Border security remains an issue of concern for the Bush administration. U.S. Homeland Security Secretary Michael Chertoff says the government is making much-needed progress.
Chertoff spoke at the conservative Washington think tank, American Enterprise Institute. He reminded the audience of the urgent need to control illegal immigration. "Illegal immigration has brought with it violence, trespassing, disturbance to our border communities."
Chertoff said the first step to discouraging illegal immigration is to gain control of the border. He says this will be accomplished by increasing the number of Border Patrol agents from 12,000 to 18,000.
Six thousand National Guard troops have been dispatched to assist the Border Patrol, while agents are being recruited and trained.
Chertoff said the plan for controlling the borders and stopping the flow of illegal immigrants is a multi-faceted operation. "What's the strategy for dealing with illegal immigration? It has to be an integrated strategy. All the pieces have to fit together."
Some of those pieces include a capture and return policy for illegal migrants, building fencing and vehicle barriers along the U.S./Mexico border, cutting-edge security technology, and more detention facilities for holding illegals (immigrant).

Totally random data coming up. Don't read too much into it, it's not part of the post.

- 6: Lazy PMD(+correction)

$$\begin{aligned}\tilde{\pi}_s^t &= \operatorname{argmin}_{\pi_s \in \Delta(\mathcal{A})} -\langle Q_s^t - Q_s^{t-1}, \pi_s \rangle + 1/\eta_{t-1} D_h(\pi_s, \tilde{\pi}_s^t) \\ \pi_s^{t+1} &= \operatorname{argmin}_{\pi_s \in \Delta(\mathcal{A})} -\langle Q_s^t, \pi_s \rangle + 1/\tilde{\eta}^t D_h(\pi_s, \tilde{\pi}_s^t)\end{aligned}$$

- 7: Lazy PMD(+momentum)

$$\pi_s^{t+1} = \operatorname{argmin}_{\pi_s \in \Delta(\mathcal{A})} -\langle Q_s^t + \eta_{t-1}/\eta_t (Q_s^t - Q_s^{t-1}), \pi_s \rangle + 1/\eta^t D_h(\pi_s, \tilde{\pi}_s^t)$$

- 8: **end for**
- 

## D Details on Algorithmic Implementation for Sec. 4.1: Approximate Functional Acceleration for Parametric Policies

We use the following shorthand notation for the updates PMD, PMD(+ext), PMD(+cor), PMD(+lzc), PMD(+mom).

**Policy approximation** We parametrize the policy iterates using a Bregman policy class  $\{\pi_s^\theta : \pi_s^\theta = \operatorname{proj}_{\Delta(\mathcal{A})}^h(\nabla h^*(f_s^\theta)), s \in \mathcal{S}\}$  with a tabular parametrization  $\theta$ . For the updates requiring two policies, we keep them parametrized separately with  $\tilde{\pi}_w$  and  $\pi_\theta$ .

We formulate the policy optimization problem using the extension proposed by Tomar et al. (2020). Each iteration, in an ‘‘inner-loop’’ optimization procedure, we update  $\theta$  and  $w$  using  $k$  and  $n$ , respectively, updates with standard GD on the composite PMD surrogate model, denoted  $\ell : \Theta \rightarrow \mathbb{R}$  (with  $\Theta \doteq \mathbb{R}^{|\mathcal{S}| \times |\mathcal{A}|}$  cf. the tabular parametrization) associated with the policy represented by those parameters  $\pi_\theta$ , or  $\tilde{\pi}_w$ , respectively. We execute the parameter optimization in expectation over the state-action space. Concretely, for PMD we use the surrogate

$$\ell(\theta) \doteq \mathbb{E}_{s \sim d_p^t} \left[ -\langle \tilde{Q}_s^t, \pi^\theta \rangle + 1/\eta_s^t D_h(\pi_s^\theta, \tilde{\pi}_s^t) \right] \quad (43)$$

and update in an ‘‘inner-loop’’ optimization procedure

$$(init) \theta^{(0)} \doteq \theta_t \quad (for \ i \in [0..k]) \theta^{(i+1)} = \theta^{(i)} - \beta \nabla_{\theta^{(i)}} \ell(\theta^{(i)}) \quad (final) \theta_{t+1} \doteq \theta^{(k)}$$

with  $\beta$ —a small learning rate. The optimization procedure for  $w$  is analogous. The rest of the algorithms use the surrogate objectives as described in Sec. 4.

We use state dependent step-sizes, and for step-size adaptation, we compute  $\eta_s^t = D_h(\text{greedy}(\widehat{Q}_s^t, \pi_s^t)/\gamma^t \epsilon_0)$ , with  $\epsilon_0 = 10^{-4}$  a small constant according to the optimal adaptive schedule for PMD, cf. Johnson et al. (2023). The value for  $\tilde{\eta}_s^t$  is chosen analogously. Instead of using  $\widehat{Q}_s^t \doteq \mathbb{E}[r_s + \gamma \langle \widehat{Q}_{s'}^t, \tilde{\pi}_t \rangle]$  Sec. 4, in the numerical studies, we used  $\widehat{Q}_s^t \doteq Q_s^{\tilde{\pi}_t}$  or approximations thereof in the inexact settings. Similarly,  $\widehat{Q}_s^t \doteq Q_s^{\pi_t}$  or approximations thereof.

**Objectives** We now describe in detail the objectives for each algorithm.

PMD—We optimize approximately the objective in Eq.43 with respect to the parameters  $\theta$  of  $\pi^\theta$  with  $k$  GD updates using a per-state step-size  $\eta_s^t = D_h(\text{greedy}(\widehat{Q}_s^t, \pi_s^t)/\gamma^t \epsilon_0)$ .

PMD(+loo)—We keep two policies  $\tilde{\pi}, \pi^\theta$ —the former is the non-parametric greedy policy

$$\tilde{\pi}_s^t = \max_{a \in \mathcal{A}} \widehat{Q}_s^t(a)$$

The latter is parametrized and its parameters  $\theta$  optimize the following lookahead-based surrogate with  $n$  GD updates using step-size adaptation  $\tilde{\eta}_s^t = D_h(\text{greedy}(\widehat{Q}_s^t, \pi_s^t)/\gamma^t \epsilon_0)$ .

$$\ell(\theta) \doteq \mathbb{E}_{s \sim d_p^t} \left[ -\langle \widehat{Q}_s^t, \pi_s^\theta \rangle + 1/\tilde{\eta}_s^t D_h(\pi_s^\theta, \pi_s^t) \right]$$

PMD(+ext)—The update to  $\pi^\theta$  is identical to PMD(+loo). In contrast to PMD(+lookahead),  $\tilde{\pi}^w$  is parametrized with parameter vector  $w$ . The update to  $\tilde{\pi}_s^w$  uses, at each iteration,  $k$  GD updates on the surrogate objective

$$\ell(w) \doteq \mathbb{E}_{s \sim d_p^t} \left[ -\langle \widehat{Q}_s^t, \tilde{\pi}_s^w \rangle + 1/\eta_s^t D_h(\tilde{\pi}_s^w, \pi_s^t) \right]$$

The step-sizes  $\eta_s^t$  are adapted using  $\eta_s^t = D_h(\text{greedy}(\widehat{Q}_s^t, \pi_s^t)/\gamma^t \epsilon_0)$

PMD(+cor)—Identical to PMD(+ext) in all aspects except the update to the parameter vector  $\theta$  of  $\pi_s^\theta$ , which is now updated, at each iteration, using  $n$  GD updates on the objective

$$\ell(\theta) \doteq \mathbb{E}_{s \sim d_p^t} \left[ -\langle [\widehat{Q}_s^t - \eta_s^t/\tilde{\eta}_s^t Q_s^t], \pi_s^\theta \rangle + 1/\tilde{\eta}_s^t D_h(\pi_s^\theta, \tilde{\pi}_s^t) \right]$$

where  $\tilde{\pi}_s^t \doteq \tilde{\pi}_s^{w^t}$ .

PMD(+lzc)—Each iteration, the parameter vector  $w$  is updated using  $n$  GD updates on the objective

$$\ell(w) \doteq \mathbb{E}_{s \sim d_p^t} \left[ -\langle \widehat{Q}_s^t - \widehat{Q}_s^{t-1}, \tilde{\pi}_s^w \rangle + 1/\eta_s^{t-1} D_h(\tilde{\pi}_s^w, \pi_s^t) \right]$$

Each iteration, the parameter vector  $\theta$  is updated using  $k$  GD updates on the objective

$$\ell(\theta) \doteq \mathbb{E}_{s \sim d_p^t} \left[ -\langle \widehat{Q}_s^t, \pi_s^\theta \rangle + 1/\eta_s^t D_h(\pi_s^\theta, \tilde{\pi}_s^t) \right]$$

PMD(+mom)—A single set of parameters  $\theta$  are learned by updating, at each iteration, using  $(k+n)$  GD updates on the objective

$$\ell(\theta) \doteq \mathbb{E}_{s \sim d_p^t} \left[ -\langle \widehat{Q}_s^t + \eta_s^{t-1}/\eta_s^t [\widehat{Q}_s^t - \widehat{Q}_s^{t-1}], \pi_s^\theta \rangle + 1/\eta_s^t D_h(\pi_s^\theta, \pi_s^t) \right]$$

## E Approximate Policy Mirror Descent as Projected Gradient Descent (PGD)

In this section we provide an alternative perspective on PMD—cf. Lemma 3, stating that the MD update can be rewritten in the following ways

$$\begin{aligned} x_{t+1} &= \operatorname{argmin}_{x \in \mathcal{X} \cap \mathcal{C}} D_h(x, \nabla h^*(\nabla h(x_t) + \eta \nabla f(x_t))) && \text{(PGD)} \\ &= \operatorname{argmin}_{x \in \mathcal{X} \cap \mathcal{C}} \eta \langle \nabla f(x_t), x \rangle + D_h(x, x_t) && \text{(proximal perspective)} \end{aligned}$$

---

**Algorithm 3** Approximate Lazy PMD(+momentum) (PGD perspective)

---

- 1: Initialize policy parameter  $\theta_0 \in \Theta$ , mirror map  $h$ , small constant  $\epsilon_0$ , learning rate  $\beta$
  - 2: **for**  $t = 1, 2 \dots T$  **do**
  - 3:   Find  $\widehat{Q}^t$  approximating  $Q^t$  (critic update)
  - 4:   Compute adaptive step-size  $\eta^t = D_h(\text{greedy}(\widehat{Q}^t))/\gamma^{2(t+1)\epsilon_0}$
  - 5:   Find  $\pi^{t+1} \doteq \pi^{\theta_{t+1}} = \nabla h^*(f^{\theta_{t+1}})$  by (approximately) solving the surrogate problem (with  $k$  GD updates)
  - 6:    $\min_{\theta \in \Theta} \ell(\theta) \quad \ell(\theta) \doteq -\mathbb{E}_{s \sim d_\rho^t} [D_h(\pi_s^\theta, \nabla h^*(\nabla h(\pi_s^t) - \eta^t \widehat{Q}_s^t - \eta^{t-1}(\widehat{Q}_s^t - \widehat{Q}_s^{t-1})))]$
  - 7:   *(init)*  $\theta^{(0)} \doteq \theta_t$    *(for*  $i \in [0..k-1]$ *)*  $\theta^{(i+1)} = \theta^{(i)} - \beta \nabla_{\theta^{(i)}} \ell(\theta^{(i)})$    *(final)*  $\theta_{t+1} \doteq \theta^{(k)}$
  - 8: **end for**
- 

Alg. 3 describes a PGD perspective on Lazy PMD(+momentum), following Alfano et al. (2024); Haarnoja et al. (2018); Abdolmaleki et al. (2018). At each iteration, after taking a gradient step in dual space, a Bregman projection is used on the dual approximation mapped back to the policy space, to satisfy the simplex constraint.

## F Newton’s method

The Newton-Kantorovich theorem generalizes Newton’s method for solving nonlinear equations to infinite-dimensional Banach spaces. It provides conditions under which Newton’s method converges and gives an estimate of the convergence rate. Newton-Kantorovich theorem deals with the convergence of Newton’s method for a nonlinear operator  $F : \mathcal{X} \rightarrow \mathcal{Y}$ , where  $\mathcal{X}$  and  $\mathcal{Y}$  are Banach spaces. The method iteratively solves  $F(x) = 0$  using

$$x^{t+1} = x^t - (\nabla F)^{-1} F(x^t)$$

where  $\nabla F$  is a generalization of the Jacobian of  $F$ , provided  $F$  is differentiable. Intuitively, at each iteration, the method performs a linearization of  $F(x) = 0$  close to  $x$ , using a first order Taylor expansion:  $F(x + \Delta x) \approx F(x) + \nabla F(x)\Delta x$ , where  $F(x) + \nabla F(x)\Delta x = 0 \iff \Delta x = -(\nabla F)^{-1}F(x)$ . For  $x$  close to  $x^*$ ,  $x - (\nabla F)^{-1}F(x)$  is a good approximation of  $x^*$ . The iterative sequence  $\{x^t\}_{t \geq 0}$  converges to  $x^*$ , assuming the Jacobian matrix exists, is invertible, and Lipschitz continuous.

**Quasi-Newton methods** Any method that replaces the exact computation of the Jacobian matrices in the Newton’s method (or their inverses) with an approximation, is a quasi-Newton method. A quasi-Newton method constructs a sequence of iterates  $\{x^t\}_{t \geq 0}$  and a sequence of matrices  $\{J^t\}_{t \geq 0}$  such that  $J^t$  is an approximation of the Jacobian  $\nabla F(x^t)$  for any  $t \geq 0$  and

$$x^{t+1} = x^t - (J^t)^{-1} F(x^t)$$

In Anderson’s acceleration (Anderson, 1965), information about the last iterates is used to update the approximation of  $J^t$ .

"The essence of deterrence here has got to be, to make the likelihood of successfully crossing the border, and getting work in this country so small, that people will basically give up doing it."
Critics of President Bush's border security policy say the American economy would suffer if illegal immigrants are removed from the work force. But the president's supporters say the economic cost of maintaining an illegal immigrant work force outweighs the benefits, since illegals do not pay most taxes.
While fences and increased security may deter some illegal immigrants, Chertoff said the current justice system has loopholes, allowing certain illegals, such as Salvadorans, entry into the country.
"The single population that has continued to increase, in terms of number of migrants, is El Salvadorans."
During the civil war in El Salvador in the 1980's, abuse of Salvadorans who were sent back to their country led to a legal order prohibiting the U.S. from extraditing Salvadoran immigrants. Some illegal immigrants have claimed to be Salvadoran in order to remain in the U.S. and work.
Chertoff says the Bush administration is working on having that order lifted.